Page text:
Spent some time a few days ago observing teachers at Success Academy Harlem East. I was there because their results are consistently off the charts so I was interested to observe and potentially learn a little something. I also wanted to go because there’s maybe a bit of skepticism out there in some quarters about Success’ work. People ask, Is it real or is it some kind of test prep gaming? I’d never been and was excited to have a chance to see what it was like there. My sense from an admittedly short visit is: “Yes, it’s real.” It’s a school 1) the adults spend a majority of their time talking about and trying to develop a vision of rigorous, quality teaching and 2) also care a lot about the richness, quality, and consistency of WHAT they teach and 3) the kids love learning and struggle (of the academic variety). Here are a few vignettes:
Teacher Show Calls two student answers to a problem, projecting them side by side from his document camera. Problem asks students to figure out how many DVDs a group can buy with their budget.
Teacher: “So. We have… [Pause. Self-Interrupt here for full attention]… we have two answers to the problem and they are different. Why are we getting two answers? Does that mean there are two right answers to the problem? I don’t understand. [Pause.] One minute to discuss with your partner. Go.” [Partners established in advance. With the academic routine for Turn and Talk carefully installed and made automatic, the kids snap into action].
Teacher: Calling them back crisply from the Turn and Talk in about a second: “What did you think?”
Takes two or three student critiques of the work on the board. “Yes, mathematically, 8.5 is right. But you can’t buy 8.5 DVDs.” Who can summarize all that and explain why Leshora’s work is is wrong? [Leshora’s hand goes eagerly up.] “Oh, why were you wrong Leshora?” She explains. So interesting to see a culture where kids weren’t defensive about being wrong. The girls in this example was really positive about spotting her own error in thinking. Saw that throughout the school.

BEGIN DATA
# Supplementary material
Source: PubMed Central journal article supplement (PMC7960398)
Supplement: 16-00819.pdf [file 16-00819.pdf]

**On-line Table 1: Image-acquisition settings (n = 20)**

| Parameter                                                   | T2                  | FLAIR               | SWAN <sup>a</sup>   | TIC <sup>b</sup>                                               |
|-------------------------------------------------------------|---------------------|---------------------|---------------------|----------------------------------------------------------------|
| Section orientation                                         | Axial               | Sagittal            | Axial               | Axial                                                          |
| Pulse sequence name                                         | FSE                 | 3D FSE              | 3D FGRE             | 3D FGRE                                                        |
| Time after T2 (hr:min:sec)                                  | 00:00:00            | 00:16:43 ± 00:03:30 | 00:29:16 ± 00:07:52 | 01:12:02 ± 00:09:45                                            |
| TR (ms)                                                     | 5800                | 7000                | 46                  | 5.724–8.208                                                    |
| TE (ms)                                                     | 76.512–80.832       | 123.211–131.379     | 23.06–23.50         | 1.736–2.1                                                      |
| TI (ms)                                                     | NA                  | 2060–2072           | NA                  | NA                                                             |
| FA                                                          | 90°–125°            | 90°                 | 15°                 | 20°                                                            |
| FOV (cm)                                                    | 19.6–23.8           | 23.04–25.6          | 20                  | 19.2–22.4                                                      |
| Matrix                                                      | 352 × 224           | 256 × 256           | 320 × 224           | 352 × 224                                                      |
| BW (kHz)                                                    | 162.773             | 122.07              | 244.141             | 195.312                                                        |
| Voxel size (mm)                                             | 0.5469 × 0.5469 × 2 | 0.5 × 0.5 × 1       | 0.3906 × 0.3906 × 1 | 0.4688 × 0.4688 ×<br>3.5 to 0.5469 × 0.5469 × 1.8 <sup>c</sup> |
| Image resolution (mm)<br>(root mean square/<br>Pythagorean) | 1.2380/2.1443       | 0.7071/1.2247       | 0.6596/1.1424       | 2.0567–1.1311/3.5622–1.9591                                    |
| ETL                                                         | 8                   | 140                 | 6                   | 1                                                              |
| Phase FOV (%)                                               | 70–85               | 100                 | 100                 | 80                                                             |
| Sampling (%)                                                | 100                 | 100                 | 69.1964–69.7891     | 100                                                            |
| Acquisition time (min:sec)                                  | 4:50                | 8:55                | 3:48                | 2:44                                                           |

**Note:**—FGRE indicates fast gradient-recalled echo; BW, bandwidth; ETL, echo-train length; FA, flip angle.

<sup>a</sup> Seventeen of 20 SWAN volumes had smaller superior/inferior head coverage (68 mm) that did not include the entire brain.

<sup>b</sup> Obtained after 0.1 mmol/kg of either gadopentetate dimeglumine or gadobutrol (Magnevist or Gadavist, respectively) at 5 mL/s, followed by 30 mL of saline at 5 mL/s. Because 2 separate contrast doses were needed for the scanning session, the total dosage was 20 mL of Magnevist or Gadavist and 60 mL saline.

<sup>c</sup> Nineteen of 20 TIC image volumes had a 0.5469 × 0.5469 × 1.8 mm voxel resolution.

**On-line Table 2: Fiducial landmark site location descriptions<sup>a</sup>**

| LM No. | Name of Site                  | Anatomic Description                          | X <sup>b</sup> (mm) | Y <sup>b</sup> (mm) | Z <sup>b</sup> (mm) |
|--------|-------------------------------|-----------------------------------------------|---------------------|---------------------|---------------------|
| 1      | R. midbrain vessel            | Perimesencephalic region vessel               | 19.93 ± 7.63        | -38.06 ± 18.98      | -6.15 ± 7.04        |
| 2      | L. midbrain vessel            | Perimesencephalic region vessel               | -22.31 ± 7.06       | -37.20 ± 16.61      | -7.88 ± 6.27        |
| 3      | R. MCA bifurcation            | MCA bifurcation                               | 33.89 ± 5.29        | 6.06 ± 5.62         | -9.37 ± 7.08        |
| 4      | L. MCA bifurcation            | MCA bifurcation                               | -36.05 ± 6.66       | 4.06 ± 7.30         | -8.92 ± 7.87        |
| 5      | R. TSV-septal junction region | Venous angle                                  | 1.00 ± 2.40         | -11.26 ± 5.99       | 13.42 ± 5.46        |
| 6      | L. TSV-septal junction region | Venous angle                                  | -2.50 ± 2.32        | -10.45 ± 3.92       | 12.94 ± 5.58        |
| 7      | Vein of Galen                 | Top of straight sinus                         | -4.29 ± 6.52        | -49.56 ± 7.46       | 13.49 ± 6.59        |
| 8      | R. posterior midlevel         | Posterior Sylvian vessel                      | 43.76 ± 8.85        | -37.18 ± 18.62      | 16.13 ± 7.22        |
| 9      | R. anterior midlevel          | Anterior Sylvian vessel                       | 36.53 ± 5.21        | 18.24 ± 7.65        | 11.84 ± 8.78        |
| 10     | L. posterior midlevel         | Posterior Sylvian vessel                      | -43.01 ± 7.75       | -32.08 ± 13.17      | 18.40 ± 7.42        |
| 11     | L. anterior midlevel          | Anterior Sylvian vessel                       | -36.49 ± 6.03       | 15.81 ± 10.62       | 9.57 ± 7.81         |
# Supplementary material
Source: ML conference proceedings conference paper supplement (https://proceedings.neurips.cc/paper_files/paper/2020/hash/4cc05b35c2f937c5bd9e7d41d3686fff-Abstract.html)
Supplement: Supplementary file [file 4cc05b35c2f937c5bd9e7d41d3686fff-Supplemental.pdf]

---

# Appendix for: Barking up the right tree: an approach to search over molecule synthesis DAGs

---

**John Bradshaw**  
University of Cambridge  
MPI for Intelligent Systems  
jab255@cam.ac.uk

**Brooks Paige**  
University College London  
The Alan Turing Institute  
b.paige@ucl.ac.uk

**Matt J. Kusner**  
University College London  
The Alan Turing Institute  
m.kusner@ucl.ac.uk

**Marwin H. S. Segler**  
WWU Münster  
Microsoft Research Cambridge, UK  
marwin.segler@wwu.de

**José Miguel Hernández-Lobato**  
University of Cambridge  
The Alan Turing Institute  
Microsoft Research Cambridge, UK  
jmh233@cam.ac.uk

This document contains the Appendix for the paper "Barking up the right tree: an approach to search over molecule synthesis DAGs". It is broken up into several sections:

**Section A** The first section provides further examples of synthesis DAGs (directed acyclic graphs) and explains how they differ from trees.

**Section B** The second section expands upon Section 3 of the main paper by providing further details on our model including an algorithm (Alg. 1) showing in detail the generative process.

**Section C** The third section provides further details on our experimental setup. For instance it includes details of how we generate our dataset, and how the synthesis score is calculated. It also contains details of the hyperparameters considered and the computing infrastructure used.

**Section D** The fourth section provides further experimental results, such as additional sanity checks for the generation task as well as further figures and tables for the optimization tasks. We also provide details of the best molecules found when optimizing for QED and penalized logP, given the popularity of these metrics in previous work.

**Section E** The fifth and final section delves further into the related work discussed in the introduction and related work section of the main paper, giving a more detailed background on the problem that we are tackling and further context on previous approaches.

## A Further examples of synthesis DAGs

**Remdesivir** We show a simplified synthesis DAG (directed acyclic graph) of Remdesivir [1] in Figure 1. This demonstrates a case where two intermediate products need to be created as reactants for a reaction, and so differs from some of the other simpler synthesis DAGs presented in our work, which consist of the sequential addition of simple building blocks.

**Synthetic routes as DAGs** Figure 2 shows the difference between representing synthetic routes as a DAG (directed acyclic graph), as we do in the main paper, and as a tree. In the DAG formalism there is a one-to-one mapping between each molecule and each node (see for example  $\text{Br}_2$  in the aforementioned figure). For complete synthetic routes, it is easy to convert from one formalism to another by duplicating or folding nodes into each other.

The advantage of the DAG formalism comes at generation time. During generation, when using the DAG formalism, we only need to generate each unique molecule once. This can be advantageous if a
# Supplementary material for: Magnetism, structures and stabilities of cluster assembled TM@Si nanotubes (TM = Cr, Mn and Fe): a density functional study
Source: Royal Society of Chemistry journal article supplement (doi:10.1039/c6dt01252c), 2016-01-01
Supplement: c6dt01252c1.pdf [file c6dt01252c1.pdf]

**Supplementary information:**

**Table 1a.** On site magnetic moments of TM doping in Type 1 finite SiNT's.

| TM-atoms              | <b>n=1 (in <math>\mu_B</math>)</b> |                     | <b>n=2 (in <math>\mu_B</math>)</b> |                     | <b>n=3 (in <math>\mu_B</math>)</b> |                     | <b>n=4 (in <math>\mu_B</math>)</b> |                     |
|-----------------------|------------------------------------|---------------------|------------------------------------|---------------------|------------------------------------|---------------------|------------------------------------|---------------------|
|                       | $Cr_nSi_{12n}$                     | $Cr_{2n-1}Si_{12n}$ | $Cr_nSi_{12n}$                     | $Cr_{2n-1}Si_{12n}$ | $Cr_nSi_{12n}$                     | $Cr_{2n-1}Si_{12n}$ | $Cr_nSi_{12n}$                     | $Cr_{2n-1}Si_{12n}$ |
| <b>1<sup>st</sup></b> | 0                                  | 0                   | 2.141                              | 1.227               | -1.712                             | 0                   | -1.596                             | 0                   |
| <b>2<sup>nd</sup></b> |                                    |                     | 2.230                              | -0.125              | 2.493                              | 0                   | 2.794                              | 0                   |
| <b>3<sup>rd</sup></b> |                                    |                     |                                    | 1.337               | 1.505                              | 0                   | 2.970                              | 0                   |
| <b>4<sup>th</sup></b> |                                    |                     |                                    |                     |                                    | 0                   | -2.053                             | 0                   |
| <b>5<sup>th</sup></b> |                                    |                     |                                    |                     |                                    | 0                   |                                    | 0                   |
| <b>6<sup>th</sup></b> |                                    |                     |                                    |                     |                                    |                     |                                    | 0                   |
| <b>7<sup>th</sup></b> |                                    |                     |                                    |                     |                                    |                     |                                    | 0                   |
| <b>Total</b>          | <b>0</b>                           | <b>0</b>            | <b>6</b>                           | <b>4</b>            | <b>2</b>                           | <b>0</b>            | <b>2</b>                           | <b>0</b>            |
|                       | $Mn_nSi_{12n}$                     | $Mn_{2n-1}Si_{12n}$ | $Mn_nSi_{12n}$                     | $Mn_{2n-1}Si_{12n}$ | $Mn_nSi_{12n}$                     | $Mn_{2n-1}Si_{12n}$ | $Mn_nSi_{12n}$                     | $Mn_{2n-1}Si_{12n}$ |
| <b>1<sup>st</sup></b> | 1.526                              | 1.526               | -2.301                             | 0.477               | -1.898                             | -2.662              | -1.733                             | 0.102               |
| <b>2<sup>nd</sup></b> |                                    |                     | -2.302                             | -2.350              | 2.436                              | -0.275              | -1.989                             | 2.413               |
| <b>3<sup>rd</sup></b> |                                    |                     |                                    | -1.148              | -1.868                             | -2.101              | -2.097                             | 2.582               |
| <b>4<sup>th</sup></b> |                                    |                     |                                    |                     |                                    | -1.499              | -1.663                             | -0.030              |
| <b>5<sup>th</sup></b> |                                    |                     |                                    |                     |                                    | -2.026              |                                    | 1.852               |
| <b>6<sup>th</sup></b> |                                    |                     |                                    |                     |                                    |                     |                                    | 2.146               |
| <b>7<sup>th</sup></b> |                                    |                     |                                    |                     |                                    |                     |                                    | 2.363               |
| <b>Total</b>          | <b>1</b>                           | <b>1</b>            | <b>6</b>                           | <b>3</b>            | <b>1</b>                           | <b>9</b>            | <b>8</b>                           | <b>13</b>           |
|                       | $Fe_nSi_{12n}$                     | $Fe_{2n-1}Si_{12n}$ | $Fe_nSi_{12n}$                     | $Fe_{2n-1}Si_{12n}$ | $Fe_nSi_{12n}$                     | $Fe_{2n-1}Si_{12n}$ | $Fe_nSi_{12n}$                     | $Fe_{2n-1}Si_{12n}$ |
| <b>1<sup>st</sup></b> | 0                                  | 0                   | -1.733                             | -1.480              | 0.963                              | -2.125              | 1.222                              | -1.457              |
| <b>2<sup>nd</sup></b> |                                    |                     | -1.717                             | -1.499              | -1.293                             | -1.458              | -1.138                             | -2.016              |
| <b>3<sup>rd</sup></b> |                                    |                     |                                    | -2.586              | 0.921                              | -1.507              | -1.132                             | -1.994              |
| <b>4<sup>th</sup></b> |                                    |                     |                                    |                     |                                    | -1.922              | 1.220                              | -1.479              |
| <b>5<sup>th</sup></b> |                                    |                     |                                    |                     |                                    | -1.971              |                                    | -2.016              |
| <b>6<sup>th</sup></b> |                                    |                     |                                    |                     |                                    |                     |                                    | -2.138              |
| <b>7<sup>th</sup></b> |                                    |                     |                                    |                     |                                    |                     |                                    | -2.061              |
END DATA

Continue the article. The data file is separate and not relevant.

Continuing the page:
Discussing a lab in which students added a base to neutralize and acid.
Series of questions reviewing what happened, roughly: “Ok, what ions do I add when I add an alkalide? Yes OH- and what do OH- and H+ combine to form? And what’s the PH of water? Yes and what do we call that? So who can summarize?”
Hands shooting into the air as she asks. On three of six questions, she takes an eager hand. But on three, she Cold Calls, normal as morning, and with a smile. The kids are ready for it—normalized to it—and give their best, generally doing pretty well. The beauty of it is in the steady warmth of her smile as she teaches. When you’ve got the benign accountability of Cold Call you don’t have to be harsh and her smiling eyes add caring to balance the rigor of expectations. When your teaching systems are the muscle you can be warm thoughtful and caring in your demeanor. Oh for a video camera!
Teacher calls on student to answer.
Teacher [managing her tell so it’s impossible to tell if student is right or wrong.] “Evaluate…. [choosing a student] Carly.
Carly: I agree with Martina and want to give another example.
I heard this prompt (see Stretch it 3.0 in the new TLaC) “Evaluate” over and over in classrooms and finally asked students what it meant. “When our teachers ask us to evaluate it means to say whether you agree or disagree. If you agree you say why. If you don’t you fix it.” That’s an academic routine- a transparent one. They established what the phrase meant and practiced responding to it. This makes it efficient.
David Noah, the school’s principal described their model as ‘exploration and inquiry based teaching.’ But it’s full of the structures great teaching too-systems and routines and the structure to make sure kids use their autonomy in just the right way. Made me so happy to see a school demonstrating that TLaC techniques can support an inquiry-based academic culture. At every turn beautiful application of the structures great teachers rely on allowed them to reliably give away the “center” of the classroom to the kids. Another key point is how carefully curated the lessons are. They’re planned for all teachers in the network by content experts. Teachers start with those lessons and make adaptations and changes from there. Their planning time is about tailoring and adapting something of high quality more than designing straight out of the box.
Inspirational teaching; inspirational morning.